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For today's(November 15 2018) Falcon 9 launch, at around T+ 06:04 into the mission, we can see a cube shaped object flying near to Falcon 9 first stage. This happens just before the first stage reentry.

screenshot of SpaceX's Es’hail-2 Mission

What this object? The object seems to be in very stable flight.

marked as duplicate by uhoh, Community Nov 16 at 13:30

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    Good question! Possibly the fairing. – Russell Borogove Nov 15 at 21:09
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    I doubt it is fairing, the fairing is separated few seconds after first stage separation and it can't be flying in opposite direction – Jithin Jose Nov 15 at 21:15
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    May be the shape of the object is a cube, but it may be something very different too. Many more pixels would be necessary to see what it might be. – Uwe Nov 15 at 21:16
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    @JithinJose The fairing is flying in the same direction, but as it and the first stage begin to hit atmosphere, the fairing decelerates much more rapidly (because it has a lower ratio of mass to cross section), so the first stage could overtake it. – Russell Borogove Nov 15 at 21:18
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    Is there anything else than a fairing that is separated during a successful launch from such a rocket? Something as large as a fairing, no small debris like explosive bolts. – Uwe Nov 15 at 21:41

It's ice. Why? Occam's Razor. At the altitudes the Falcon 9 first stage peaks within there's very little else you would see - there's too much atmosphere to orbit so debris drop rapidly. There's too little atmosphere for any known fauna, and the only man made vehicles that can operate there are things like a launch vehicle - they won't turn up unexpectedly.

Any objects that separated at other times from the vehicle - fairings, for instance - differ too wildly in drag coefficient to remain in proximity with the first stage for more than a few minutes.

The only remaining source of physical objects in the stage's vicinity becomes the stage itself. Since it landed OK and there were no signs of trouble, we can guess it isn't a part of the vehicle. Since the vehicle stores and pumps and vents large quantities of liquid oxygen, we know for certain it will have many deposits of ice, both water ice collecting on outer surfaces as well as solid oxygen forming at vents as decompression rapidly chills the vent output.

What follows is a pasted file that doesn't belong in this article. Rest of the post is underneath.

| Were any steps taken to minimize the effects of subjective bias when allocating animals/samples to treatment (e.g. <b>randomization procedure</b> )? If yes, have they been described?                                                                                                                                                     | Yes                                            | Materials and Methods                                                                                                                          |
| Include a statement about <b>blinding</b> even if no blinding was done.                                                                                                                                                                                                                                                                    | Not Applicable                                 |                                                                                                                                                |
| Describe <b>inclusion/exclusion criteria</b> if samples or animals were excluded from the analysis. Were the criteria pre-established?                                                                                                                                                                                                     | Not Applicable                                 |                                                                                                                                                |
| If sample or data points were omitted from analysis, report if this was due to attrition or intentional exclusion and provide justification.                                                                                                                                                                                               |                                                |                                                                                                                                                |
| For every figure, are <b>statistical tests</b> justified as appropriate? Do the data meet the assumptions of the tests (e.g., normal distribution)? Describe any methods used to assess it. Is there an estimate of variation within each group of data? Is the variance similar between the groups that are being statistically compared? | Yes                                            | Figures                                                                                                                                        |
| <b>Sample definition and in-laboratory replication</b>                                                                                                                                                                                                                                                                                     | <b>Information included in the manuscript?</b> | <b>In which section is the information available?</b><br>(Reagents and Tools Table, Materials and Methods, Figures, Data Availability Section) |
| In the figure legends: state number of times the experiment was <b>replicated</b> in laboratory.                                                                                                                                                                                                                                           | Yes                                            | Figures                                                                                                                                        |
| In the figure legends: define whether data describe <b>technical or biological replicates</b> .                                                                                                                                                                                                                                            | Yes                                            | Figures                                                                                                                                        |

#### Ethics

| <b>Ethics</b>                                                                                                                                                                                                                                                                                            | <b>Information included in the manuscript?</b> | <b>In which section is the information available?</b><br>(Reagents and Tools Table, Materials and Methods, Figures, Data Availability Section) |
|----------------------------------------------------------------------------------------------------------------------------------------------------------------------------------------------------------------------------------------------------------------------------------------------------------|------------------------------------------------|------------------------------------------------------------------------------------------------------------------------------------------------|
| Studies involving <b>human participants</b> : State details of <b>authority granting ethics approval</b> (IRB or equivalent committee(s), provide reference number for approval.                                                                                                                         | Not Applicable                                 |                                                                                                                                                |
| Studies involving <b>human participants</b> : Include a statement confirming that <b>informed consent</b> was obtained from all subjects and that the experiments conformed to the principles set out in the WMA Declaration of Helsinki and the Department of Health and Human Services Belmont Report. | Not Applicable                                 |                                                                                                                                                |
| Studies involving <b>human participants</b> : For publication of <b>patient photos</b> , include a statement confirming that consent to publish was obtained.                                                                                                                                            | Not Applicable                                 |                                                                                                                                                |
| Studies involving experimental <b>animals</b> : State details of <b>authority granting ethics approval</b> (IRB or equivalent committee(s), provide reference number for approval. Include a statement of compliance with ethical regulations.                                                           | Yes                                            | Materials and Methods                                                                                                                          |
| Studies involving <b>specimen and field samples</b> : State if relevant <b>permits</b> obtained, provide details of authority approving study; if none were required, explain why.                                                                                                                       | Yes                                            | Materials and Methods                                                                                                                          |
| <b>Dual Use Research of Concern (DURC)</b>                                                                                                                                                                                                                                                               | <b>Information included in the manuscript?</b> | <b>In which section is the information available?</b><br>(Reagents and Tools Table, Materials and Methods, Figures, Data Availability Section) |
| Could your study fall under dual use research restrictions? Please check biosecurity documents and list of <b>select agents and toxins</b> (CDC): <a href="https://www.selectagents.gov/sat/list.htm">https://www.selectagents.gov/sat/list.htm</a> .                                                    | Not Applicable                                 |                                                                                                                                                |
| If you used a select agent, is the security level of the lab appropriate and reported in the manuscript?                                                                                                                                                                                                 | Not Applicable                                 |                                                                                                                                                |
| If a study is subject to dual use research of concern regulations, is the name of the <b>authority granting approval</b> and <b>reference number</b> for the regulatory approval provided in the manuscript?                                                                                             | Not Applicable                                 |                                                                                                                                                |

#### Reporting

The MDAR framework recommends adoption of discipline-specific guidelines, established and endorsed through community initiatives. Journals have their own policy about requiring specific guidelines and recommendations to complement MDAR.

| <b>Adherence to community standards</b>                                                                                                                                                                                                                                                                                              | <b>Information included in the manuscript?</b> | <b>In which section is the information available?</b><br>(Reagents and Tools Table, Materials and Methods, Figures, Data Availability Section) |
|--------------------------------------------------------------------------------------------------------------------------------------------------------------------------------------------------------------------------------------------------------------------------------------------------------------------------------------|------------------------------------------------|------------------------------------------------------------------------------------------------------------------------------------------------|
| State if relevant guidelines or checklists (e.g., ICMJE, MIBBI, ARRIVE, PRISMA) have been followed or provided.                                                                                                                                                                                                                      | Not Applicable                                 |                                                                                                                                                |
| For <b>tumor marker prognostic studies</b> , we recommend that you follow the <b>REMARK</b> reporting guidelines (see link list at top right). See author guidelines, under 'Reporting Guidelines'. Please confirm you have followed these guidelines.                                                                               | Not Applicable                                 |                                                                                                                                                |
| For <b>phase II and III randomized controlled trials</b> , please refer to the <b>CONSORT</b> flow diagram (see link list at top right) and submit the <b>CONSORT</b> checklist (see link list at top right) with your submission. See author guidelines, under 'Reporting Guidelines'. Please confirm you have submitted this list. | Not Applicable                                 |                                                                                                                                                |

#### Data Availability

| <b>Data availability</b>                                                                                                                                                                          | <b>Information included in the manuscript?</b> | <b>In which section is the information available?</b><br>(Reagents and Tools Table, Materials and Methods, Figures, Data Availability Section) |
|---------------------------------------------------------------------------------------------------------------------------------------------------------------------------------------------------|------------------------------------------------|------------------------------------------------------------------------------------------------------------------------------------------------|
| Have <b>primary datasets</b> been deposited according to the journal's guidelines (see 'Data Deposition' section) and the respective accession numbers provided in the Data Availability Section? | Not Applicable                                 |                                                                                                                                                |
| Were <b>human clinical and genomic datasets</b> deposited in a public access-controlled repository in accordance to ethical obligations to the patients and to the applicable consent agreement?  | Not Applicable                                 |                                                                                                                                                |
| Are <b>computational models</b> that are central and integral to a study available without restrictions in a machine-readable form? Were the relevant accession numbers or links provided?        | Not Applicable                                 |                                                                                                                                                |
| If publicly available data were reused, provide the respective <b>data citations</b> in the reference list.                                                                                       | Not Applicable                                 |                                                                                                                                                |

The cameras are located near the top of the booster. There is ~40 meters of vehicle below the cameras, lots of room to shed ice out of sight of the camera. As the vehicle falls towards Earth these pieces of ice break free and tumble outward. Their large, thin shape lets them catch the air and slow more rapidly and they come into sight of the camera as they move outward and upward. Tumbling can present many cross sections to the camera, producing unusual shapes.

To the comments doubting the existence of ice at apoapsis - the vehicle clearly remains partly covered in ice throughout the entire mission, as the LOX tankage remains clean of soot after the mission. If all the ice shook free by apoapsis, the retrograde propulsion at the reentry burn as well as the brief exposure to stage two thrust post-staging would deposit kerosene soot on the stage, to be revealed after the ice melts at landing. This image in the hangar indicates the LOX tank remains clean even after presumably melting/drying on land and being transferred to the hangar.

Photo of unwashed, used Falcon 9 booster resting horizontally in the hangar. The lower half to third shows black soot from the engines, with clean cutouts where the legs folded against the body. The middle third is clean white where ice shielded the body from soot, fading back to black/grey at the top where LOX was consumed and no ice remained, partway through the mission.

  • This was my thought process exactly, but I don't feel we can say anything definitively without better quality footage... – Jack Nov 15 at 22:22
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    If you're suggesting it's ice that came from the first stage, I don't see how it got so far ahead of the stage and then fell back past it. If you're suggesting ice from the second stage, the fairing would be at least as plausible. – Russell Borogove Nov 15 at 22:36
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    @RussellBorogove I believe the suggestion is the ice broke away from the base of the first stage and drifted back past the camera - I think it appears from behind the stage body rather than coming into view from a distance – Jack Nov 15 at 22:41
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    Exactly what Jack said. I'm suggesting ice left the rocket somewhere below the camera and became visible as it drifted outwards and the stage fell past it. – Saiboogu Nov 15 at 22:46
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    @Uwe I’d expect any ice chunk that big to have fallen off very early in flight due to vibration. – Russell Borogove Nov 16 at 1:17

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